Courses

An introduction to the basic philosophy and doctrines of Buddhism, beginning with a survey of lives and works of major historical figures of Buddhism. The principal issues of Buddhist thought, drawing from Indian, East Asian, and Western sources, are treated. Particular attention is paid to the meaning of faith, practice, and enlightenment in Buddhism. This course is offered as both AAS 260 and RLS 260.

Presents a picture of religion in ancient Mesopotamia based on archaeological data and ancient texts. A major contribution of the Mesopotamian civilization was the development of a special spiritual life of the people. Since the sixth millennium BC, these beliefs were the way they explained un-known and un-seen experiences. Set rules, traditions and special architecture were developed around these beliefs. These will be discussed, including the incorporation of these beliefs by other cultures. Not for credit in addition to AAS 212, Religion of Ancient Mesopotamia.

An introduction to the main features of Islamic revelation as contained in the Koran and its impact on the major spiritual, intellectual, legal, and social teachings and institutions of the Islamic world. The course concludes with an examination of Islam in the modern world. This course is offered as both AAS 280 and RLS 280.

Study of the historical development of major intellectual traditions of East Asia (China, Japan, Korea). Topics include the Political Thoughts of the Ancient World (Formations of Confucianism, Taoism, and Yin Yang and Correlative Thinking), Era of Metaphysics (Introduction and Development of Buddhism and East Asian Mysticism), Ethics and Nationalism (Neo-Confucianism and Encounter of the Western Civilization), and East Asia's Modern Transformation (Modernization, Socialism, and Westernization).

This cultural studies course examines the cultures of travel (i.e. fiction, memoirs, photography, and filmmaking) in narratives by and about the Pacific, South and Southeast Asia. We will study 'empire' by analyzing narratives about the former colonies of Spain, France, Britain and the United States. As we discuss the metaphors or tropes of empire, we will also examine the concept of empire as a historical and contemporary formation, or what an empire meant in the 19th century and what it means today in the early 21st century. The course begins with the premise that travel narratives and modern visual culture illuminate the relationship between the violence and romance of travel. The course includes modern travel narratives (i.e. novels by Asian Americans) that focus on the lives of those who are forced to travel or migrate due to civil war, poverty and/or economic instability. This course is offered as AAS 305 and EGL 305.

Work Load: Each student will lead the discussion of a chapter. Presentations will be written as 3-4 pages. The midterm exam will contain essays and true/false questions. The final paper is an analytical and creative paper (at least 8 pages or more).

Critically examines the important and, at times, even crucial roles played by women in US-Asian relations over a roughly 125-year period, from the 1850s to the 1970s; and it compares/contrasts these roles to those in the present day. We will study the transformative occupations (writers/poets, missionaries, journalists, diplomats, medical and social workers, scientists, scholars and chefs) to understand how women used motivational discourse and social networking to interpret China, India, Japan, Korea, the Philippines, and Vietnam for diverse audiences in America and their native lands in Asia. This course is offered as both AAS 307 and POL 307.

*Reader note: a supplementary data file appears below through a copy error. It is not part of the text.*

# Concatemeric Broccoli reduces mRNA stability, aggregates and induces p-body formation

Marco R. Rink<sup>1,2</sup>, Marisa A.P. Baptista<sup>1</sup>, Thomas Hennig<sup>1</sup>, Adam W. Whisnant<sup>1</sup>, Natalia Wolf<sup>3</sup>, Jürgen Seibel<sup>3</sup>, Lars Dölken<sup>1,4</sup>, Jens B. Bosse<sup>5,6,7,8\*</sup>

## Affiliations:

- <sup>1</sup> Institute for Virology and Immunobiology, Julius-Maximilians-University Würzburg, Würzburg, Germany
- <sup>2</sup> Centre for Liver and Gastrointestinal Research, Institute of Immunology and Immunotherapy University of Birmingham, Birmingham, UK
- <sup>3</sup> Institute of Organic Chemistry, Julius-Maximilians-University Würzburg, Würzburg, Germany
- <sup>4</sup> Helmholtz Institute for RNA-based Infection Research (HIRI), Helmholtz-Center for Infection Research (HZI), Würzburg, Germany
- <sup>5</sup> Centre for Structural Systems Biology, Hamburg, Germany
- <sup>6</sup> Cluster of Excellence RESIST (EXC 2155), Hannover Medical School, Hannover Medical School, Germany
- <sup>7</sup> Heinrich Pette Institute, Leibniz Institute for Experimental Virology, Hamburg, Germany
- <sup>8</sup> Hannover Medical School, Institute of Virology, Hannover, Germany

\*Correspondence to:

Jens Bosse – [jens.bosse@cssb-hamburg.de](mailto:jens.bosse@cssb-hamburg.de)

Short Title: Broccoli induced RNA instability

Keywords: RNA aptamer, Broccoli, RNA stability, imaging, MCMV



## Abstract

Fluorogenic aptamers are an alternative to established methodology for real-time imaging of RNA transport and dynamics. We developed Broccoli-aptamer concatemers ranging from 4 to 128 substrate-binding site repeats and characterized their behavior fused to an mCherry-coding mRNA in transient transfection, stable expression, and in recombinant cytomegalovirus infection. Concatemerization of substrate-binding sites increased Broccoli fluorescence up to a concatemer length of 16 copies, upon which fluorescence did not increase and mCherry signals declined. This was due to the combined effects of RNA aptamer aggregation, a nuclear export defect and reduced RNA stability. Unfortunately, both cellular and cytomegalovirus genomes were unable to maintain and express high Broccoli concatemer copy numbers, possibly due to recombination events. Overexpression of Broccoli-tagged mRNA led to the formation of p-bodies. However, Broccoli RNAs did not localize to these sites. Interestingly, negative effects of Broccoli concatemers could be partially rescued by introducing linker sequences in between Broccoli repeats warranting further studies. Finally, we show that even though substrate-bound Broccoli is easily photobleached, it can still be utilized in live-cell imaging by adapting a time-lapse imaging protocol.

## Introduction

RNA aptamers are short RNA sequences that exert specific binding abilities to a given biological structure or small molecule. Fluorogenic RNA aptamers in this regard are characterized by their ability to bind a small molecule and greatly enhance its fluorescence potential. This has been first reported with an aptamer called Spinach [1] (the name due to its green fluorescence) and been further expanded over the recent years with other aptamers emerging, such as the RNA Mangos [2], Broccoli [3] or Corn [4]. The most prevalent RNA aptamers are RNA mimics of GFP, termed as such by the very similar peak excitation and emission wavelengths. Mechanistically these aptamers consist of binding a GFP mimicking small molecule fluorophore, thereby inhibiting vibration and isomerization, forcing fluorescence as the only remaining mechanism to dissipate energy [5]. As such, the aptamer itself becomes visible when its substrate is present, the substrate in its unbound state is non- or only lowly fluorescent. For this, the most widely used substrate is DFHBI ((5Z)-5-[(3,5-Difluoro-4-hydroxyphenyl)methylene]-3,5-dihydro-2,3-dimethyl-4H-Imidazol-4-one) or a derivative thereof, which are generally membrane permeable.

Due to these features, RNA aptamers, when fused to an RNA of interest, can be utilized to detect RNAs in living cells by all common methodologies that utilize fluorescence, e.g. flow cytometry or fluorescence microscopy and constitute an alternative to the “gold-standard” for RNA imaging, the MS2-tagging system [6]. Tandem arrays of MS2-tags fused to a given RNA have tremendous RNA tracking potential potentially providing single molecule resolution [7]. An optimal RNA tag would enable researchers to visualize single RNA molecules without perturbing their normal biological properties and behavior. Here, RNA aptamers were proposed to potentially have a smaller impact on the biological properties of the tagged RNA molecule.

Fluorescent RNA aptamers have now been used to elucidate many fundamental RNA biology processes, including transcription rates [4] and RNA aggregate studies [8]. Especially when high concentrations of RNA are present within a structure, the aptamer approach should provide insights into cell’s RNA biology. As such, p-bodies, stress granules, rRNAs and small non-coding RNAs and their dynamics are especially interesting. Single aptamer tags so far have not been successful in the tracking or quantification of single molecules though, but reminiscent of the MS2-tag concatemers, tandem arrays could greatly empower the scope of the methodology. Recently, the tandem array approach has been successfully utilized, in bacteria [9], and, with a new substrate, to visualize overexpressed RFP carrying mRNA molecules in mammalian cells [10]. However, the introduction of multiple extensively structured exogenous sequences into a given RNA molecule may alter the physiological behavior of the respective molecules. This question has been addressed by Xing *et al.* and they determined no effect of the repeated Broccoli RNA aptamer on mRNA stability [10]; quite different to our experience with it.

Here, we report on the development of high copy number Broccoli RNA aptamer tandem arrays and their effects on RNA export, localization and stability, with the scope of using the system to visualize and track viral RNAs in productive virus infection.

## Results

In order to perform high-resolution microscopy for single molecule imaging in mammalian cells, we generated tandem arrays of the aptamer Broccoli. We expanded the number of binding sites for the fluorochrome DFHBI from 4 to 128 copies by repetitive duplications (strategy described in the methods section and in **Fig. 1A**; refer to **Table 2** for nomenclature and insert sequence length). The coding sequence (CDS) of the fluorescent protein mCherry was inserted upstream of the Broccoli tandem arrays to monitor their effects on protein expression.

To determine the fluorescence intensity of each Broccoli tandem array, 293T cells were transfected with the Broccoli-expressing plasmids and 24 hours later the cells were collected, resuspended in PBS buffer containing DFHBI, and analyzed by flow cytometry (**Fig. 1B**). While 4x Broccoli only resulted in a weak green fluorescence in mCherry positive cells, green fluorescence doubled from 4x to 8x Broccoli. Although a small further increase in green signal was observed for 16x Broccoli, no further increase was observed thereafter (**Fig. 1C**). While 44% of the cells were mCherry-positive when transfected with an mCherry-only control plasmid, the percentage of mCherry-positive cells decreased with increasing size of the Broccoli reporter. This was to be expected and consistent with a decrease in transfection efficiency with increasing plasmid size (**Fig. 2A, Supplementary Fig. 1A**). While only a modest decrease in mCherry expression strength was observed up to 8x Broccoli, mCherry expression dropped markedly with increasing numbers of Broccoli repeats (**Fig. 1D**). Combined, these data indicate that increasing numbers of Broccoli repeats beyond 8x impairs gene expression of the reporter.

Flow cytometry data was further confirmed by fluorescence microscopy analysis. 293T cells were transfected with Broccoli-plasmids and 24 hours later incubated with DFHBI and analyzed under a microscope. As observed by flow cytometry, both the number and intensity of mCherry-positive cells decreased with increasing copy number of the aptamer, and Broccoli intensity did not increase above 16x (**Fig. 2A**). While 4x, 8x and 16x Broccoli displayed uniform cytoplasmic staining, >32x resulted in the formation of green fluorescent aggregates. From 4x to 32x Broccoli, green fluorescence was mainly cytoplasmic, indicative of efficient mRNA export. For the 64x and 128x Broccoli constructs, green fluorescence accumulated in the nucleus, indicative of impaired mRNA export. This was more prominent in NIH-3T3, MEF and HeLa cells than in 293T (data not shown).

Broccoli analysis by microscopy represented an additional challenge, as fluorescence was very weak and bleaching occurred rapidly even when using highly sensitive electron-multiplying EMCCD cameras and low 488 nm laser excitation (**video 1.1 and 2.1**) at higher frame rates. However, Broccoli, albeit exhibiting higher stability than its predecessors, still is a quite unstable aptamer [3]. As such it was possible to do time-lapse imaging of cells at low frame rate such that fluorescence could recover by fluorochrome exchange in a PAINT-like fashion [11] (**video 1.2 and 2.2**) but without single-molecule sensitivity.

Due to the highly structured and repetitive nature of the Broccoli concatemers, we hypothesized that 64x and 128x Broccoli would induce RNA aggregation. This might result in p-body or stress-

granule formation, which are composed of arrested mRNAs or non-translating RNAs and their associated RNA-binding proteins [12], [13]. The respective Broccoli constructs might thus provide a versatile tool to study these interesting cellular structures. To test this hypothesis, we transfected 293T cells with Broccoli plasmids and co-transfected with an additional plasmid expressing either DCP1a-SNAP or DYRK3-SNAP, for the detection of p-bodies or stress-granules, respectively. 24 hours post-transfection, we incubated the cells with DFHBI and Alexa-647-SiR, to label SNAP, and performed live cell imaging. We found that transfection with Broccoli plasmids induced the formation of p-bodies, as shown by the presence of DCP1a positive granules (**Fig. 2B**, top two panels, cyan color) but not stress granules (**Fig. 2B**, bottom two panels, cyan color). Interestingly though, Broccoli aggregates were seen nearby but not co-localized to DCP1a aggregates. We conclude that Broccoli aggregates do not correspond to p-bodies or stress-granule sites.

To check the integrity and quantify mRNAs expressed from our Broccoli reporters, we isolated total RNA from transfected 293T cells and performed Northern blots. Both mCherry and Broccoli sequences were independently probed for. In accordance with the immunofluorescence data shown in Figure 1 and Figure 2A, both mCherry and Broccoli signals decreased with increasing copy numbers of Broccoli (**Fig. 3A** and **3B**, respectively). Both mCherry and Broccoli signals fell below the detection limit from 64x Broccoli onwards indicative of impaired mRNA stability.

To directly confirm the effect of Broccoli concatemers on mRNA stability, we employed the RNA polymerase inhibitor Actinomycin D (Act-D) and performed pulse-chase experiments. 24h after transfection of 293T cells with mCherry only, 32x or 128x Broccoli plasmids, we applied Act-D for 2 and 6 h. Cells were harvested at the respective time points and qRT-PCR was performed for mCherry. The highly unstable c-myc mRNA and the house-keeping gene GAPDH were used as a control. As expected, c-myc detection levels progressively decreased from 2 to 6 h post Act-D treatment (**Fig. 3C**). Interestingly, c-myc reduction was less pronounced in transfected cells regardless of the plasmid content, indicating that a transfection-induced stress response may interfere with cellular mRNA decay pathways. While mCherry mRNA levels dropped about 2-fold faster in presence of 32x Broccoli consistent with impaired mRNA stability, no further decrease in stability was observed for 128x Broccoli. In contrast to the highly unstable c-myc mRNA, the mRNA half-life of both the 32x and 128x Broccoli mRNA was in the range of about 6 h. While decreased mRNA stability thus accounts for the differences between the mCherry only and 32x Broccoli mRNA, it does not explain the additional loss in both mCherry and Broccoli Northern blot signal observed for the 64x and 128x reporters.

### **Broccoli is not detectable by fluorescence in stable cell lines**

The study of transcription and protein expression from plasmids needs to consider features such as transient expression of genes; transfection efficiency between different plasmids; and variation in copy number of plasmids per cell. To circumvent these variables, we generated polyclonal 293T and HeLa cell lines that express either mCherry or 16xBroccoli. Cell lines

Explores America's involvement in and execution of wars in Asia in the 19th and 20th centuries notably in the Philippines, Japan, Korea, and Vietnam, with an incisive analysis of American empire building. If war is 'an act of violence intended to compel our opponent to fulfill our will,' how far did these wars succeed in their aim? Focusing both on American and Asian perspectives on global conflicts, we will draw upon international relations and historical interdisciplinary sources in our investigations, including newer tools such as online digitized oral history collections through the Library of Congress Veterans' History Project. This course is offered as both AAS 310 and POL 340.

Work Load: You will participate in an in-class debate and special spring seminar as well as other interactive activities. You will complete archival research and weekly journaling, quizzes, a final class presentation and submit a 10-page research paper.

A survey of Chinese art from the Neolithic period to modern-day China. Visual media such as bronze, jade, sculpture, ink painting and pottery as well as their cultural influence on philosophy, literature, religion and politics will be explored. The course will also examine the influence of India and Central Asian on Chinese art and, in turn, China's influence on Korean and Japanese art.

Introduction to selected classics of Indian literature in English translation. Classical and modern works are discussed, representing Sanskrit (the Vedas, the Upanishads, the epics Ramayana and Mahabharata, classical drama of Kalidasa and Bhasa), Tamil, Kannada, Hindi-Urdu, and Indian English. Western and Indian literary theories and critical approaches are compared and evaluated.

An introduction in English to the literary tradition of Korea. Representative literary texts chosen from various periods are studied with attention to their historical background and the aesthetic and cultural values that inform them. Previously offered as KRH 251. Not for credit in addition to KRH 251.

Work Load: Every class 4 or 5 students will present the storyline of each literary work. There will be weekly quizzes, 1 page response papers, a 6 page analysis paper, and a final exam. Classroom discussion will require your active participation.

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